Once we’re into the other two rooms regarding works on paper and a collection inspired by “The Intrigue,” any sense of measured progression has evidently been discarded in favor of organized chaos; religious-themed works such as the somber charcoal “Calvary” (1886) sit alongside nightmarish imaginings such as the chalk-on-paper “Comical Meal” (1905) or the astonishing “Peculiar Insects” (1888), with sequences such as prints on the Deadly Sins scattered throughout. It’s a carnival of themes and styles from seemingly random points in the artist’s history. Despite focusing on drawings, these are matched in the same space by astonishing paintings such as the monumental “Adam and Eve Expelled from Paradise” (1887), all blinding primary color and savage rendering. Still-lifes sit in both rooms, oddly not together (though perhaps that’s the point). Perhaps the idea is to match Ensor’s unquestionable oddness by displaying his sheer range of ideas and remarkable drawing skills in a variety of media. In this respect, Tuymans absolutely steps up to the bar, and it feels like a kaleidoscopic tour of Ensor’s clearly voraciously imaginative brain. One struggles to think of another artist who would work so well with this treatment.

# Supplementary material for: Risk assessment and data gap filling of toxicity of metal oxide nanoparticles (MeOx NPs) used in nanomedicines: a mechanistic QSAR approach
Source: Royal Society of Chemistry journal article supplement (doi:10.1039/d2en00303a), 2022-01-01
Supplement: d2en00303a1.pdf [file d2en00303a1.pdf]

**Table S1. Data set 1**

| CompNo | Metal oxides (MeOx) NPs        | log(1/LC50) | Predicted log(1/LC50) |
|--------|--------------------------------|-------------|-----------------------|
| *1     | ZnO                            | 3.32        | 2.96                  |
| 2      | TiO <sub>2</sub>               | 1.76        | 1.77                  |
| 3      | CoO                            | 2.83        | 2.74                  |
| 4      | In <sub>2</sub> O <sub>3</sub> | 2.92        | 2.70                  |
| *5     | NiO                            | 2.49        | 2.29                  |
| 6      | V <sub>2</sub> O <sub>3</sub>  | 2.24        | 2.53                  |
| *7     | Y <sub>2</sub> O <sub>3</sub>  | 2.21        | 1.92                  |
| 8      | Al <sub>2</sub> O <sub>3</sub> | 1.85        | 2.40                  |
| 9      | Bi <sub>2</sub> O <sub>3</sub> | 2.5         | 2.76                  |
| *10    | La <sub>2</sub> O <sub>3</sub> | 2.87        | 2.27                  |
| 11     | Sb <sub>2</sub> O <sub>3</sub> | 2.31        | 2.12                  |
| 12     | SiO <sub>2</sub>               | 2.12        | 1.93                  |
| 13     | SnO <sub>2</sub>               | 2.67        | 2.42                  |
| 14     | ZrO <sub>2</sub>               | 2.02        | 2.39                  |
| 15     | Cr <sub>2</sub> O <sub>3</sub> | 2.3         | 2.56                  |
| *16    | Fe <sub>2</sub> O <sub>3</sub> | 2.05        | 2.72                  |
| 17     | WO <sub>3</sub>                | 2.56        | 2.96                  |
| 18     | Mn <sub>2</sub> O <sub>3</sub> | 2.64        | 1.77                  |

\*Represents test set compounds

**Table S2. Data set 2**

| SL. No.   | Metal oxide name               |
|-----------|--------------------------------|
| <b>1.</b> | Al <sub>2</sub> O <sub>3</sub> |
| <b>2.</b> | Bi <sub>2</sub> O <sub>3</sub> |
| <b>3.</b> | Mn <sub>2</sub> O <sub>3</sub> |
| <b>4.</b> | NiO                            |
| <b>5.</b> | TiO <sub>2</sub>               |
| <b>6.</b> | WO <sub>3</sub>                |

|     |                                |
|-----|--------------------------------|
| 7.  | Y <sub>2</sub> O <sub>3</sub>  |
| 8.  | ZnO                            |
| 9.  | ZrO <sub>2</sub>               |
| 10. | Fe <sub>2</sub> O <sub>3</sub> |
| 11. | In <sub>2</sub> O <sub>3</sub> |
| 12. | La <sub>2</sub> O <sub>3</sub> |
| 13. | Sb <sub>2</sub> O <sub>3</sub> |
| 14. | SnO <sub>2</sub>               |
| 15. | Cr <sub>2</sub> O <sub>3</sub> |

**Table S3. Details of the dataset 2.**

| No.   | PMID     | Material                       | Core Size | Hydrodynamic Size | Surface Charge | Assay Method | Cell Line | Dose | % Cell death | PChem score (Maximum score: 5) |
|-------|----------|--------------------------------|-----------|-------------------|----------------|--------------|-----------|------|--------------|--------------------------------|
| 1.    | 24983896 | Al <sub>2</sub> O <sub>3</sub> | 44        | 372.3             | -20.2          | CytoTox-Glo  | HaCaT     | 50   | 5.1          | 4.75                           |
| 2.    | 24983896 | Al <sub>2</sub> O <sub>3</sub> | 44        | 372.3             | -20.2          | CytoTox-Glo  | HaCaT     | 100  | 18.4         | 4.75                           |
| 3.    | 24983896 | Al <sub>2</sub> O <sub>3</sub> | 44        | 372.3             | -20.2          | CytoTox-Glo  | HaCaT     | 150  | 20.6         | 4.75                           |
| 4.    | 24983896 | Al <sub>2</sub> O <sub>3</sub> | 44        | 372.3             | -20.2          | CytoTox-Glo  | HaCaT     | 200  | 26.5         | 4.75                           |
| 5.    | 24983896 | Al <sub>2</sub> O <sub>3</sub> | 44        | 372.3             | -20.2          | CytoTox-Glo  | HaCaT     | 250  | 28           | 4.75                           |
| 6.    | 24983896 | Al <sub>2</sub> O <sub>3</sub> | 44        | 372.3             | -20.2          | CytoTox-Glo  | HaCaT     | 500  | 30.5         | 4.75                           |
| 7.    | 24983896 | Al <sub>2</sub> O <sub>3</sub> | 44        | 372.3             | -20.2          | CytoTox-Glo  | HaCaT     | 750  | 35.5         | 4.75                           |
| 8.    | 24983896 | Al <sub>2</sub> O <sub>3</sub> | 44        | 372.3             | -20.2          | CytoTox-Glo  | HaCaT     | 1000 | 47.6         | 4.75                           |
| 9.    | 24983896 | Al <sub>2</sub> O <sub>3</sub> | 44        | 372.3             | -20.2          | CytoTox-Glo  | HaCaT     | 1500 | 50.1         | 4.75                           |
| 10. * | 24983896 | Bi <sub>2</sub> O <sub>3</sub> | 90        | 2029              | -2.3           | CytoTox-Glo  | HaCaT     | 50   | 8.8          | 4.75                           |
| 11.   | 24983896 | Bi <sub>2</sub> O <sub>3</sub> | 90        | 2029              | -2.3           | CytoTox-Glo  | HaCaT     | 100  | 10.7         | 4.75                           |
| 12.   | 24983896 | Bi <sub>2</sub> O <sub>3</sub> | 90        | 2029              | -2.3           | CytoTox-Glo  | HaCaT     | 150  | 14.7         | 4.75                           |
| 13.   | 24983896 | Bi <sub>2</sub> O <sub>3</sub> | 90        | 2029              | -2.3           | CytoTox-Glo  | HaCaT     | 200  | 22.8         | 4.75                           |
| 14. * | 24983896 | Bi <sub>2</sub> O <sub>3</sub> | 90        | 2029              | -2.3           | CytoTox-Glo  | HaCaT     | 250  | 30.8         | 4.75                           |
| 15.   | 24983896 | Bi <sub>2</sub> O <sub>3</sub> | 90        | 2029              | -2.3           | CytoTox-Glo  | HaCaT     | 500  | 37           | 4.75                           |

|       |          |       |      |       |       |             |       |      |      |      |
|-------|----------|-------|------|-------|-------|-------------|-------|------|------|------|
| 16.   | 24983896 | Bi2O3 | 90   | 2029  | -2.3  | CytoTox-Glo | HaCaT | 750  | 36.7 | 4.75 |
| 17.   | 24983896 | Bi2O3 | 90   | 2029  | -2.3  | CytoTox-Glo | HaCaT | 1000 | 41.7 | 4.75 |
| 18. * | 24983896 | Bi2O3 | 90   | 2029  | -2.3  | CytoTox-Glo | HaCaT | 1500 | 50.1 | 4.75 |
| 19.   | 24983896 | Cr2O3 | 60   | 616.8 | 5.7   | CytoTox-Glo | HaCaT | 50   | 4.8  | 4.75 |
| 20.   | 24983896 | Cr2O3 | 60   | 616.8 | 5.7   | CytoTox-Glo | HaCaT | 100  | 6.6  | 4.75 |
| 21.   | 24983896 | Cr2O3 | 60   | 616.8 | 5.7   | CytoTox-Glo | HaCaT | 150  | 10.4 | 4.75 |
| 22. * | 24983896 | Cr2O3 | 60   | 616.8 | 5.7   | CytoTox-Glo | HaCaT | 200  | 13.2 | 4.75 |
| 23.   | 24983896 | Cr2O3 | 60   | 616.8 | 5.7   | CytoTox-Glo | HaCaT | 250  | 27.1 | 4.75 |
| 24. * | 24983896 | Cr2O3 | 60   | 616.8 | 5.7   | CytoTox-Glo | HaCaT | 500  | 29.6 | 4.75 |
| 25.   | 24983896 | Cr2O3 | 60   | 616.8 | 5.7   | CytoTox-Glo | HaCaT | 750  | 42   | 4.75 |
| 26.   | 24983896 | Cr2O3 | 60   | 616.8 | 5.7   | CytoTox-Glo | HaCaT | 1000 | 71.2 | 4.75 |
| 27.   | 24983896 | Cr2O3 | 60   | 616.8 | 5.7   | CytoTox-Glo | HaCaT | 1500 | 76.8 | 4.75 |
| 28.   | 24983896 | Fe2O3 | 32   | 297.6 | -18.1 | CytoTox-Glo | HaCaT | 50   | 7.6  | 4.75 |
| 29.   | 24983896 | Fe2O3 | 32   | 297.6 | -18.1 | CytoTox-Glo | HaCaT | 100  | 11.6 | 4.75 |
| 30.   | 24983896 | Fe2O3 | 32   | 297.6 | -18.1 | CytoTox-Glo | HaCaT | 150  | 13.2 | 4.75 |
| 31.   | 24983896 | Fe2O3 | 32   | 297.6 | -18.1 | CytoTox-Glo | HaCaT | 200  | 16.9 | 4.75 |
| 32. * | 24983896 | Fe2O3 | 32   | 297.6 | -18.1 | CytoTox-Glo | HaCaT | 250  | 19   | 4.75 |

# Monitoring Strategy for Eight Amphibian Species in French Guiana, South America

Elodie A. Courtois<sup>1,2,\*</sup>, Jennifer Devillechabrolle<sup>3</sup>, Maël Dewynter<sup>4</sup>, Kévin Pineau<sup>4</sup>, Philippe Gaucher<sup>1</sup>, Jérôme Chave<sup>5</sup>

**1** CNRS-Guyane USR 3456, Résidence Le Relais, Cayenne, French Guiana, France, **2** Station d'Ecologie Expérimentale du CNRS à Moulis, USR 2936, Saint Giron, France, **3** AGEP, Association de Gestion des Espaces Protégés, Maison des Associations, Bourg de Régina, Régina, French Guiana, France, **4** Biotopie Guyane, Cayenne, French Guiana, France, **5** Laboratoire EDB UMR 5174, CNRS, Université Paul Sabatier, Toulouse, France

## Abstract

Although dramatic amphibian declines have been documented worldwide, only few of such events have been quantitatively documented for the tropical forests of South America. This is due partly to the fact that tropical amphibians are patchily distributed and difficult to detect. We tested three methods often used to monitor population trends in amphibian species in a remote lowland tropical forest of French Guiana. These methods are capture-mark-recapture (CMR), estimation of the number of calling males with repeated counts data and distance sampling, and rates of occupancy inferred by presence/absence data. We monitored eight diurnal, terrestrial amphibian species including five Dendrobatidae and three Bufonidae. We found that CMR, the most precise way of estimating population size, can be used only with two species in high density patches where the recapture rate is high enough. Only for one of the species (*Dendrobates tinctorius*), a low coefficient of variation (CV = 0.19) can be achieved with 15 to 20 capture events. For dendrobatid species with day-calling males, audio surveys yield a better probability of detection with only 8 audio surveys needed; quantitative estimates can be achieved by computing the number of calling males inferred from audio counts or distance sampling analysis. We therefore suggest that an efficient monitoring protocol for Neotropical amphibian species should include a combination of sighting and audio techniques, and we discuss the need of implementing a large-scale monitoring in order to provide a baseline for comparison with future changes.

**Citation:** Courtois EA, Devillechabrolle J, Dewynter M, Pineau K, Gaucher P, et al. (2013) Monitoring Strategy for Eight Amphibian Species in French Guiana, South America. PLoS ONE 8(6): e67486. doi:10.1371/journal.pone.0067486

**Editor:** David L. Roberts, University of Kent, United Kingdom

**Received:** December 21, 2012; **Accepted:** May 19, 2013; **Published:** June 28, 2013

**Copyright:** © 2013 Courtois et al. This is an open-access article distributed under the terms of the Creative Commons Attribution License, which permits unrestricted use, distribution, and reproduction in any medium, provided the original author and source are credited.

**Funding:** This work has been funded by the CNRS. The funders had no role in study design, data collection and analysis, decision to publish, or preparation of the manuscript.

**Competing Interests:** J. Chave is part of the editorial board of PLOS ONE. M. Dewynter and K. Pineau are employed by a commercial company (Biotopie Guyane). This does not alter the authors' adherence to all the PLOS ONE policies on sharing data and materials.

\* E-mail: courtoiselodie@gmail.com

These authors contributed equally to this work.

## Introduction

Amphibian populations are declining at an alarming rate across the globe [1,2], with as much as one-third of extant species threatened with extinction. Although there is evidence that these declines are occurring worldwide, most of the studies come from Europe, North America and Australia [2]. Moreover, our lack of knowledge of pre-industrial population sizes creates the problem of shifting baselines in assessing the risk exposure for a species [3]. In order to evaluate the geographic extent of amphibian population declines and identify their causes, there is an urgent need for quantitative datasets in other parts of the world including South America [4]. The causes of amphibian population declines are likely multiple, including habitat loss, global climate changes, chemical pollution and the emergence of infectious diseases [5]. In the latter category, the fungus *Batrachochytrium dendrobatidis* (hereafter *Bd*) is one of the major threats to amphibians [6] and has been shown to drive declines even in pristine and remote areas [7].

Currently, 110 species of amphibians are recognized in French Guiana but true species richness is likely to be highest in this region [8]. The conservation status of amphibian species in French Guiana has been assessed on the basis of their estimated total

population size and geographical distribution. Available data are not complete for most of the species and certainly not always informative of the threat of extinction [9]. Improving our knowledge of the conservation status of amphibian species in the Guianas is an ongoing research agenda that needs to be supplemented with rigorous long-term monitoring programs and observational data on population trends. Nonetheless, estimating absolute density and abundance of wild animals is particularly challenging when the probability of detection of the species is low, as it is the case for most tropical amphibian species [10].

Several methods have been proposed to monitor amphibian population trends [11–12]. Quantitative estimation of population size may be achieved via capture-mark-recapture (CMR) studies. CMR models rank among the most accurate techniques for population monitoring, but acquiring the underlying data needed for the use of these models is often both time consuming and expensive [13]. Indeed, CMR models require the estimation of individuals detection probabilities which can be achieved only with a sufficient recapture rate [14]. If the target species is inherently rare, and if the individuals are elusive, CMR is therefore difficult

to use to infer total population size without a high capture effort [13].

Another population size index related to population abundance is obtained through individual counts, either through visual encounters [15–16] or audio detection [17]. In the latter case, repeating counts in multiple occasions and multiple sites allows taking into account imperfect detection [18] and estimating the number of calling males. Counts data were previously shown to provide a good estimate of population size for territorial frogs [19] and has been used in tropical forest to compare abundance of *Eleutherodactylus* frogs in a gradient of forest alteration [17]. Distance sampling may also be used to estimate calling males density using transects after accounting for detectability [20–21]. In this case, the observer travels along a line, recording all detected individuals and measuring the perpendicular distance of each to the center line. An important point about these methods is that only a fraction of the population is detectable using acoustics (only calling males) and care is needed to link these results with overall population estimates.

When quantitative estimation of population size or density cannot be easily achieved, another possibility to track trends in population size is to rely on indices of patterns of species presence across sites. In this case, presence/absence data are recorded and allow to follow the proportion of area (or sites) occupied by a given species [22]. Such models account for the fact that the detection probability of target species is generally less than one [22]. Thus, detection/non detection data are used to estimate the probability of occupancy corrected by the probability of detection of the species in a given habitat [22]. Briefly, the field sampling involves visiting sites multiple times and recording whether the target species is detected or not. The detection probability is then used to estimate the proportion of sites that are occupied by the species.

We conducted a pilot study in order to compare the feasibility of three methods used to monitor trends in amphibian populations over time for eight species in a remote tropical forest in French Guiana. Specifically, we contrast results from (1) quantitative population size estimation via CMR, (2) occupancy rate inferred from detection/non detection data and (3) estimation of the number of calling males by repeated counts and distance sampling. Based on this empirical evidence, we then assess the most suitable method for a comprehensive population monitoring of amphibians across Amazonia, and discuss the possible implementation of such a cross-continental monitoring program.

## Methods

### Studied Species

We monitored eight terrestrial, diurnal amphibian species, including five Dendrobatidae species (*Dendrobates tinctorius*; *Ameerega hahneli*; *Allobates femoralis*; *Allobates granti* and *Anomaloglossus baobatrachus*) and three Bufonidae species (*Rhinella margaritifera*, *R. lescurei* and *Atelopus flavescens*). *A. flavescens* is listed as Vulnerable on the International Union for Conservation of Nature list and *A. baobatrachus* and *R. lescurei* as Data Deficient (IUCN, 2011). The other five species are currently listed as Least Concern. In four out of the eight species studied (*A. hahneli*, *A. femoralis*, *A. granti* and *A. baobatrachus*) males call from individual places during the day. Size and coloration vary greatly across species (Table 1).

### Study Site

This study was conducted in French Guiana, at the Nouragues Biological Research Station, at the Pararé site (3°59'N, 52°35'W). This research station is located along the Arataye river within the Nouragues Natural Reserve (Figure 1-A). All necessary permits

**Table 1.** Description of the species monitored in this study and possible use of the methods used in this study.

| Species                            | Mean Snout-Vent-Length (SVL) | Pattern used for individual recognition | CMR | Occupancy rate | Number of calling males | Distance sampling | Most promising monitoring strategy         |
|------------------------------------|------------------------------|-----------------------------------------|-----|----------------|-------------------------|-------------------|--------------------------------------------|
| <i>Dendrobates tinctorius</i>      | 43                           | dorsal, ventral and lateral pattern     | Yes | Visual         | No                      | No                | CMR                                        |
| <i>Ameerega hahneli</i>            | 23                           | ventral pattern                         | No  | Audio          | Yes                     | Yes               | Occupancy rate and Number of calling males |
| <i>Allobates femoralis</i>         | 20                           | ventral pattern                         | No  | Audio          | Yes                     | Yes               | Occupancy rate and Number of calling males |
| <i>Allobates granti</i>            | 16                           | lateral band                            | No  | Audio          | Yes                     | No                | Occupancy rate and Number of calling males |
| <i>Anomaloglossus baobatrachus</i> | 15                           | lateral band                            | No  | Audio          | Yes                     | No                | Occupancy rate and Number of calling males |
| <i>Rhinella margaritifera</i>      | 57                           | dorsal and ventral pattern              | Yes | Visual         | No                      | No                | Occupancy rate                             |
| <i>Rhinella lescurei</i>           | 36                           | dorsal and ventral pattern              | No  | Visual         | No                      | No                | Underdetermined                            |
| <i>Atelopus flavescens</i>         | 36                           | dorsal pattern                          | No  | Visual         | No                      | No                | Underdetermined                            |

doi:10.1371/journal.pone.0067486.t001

However, this demonstrates my main issue with the show. Ensor is clearly vividly gripping enough to sustain the display singlehandedly, yet Tuymans has chosen to embellish the show with both his own work and that of contemporaries of both himself and Ensor, who naturally shows everybody up. Tuymans draws forth the carnival link from Ensor’s “The Intrigue”: It stems from the Belgian carnival tradition, in particular the Shrove Tuesday mask-wearing parade in Ostend. Tuymans’s own painting “Gilles de Binche” (2005) — by contrast to Ensor a washed-out, pale silhouette — shows the plumed headdresses worn during the Belgian Binche Carnival, with a physical example of the headdress shown, perplexingly, in an adjacent room. Similarly, Tuymans inserts two portraits by self-taught Ostend artist Leon Spilliaert with little obvious constructive purpose, curious though they are. To my mind, these additions brought little to an already exemplary collection of fascinating works, especially being so few in number.
One feels that Tuymans should have either gone for a full survey or ramped up the embellishing works to introduce more links and ideas to visually explore the impact Ensor has had on Tuymans and/or other artists. I am more than happy with the current display; it introduces to an unfamiliar audience the vast creativity and fascinating technical styles — his 1892 still-life of a skate is thrilling — of a painter who was little accepted during his own time and famously individual within art history. The exhibition goes some way to capturing the “exquisite chaos” of which Ensor spoke, yet the creative additions from Tuymans, interestingly because they don’t sit so well in the show, do add to the overall intrigue.
Intrigue: James Ensor by Luc Tuymans continues at The Royal Academy (Burlington House, Piccadilly) through January 29, 2017.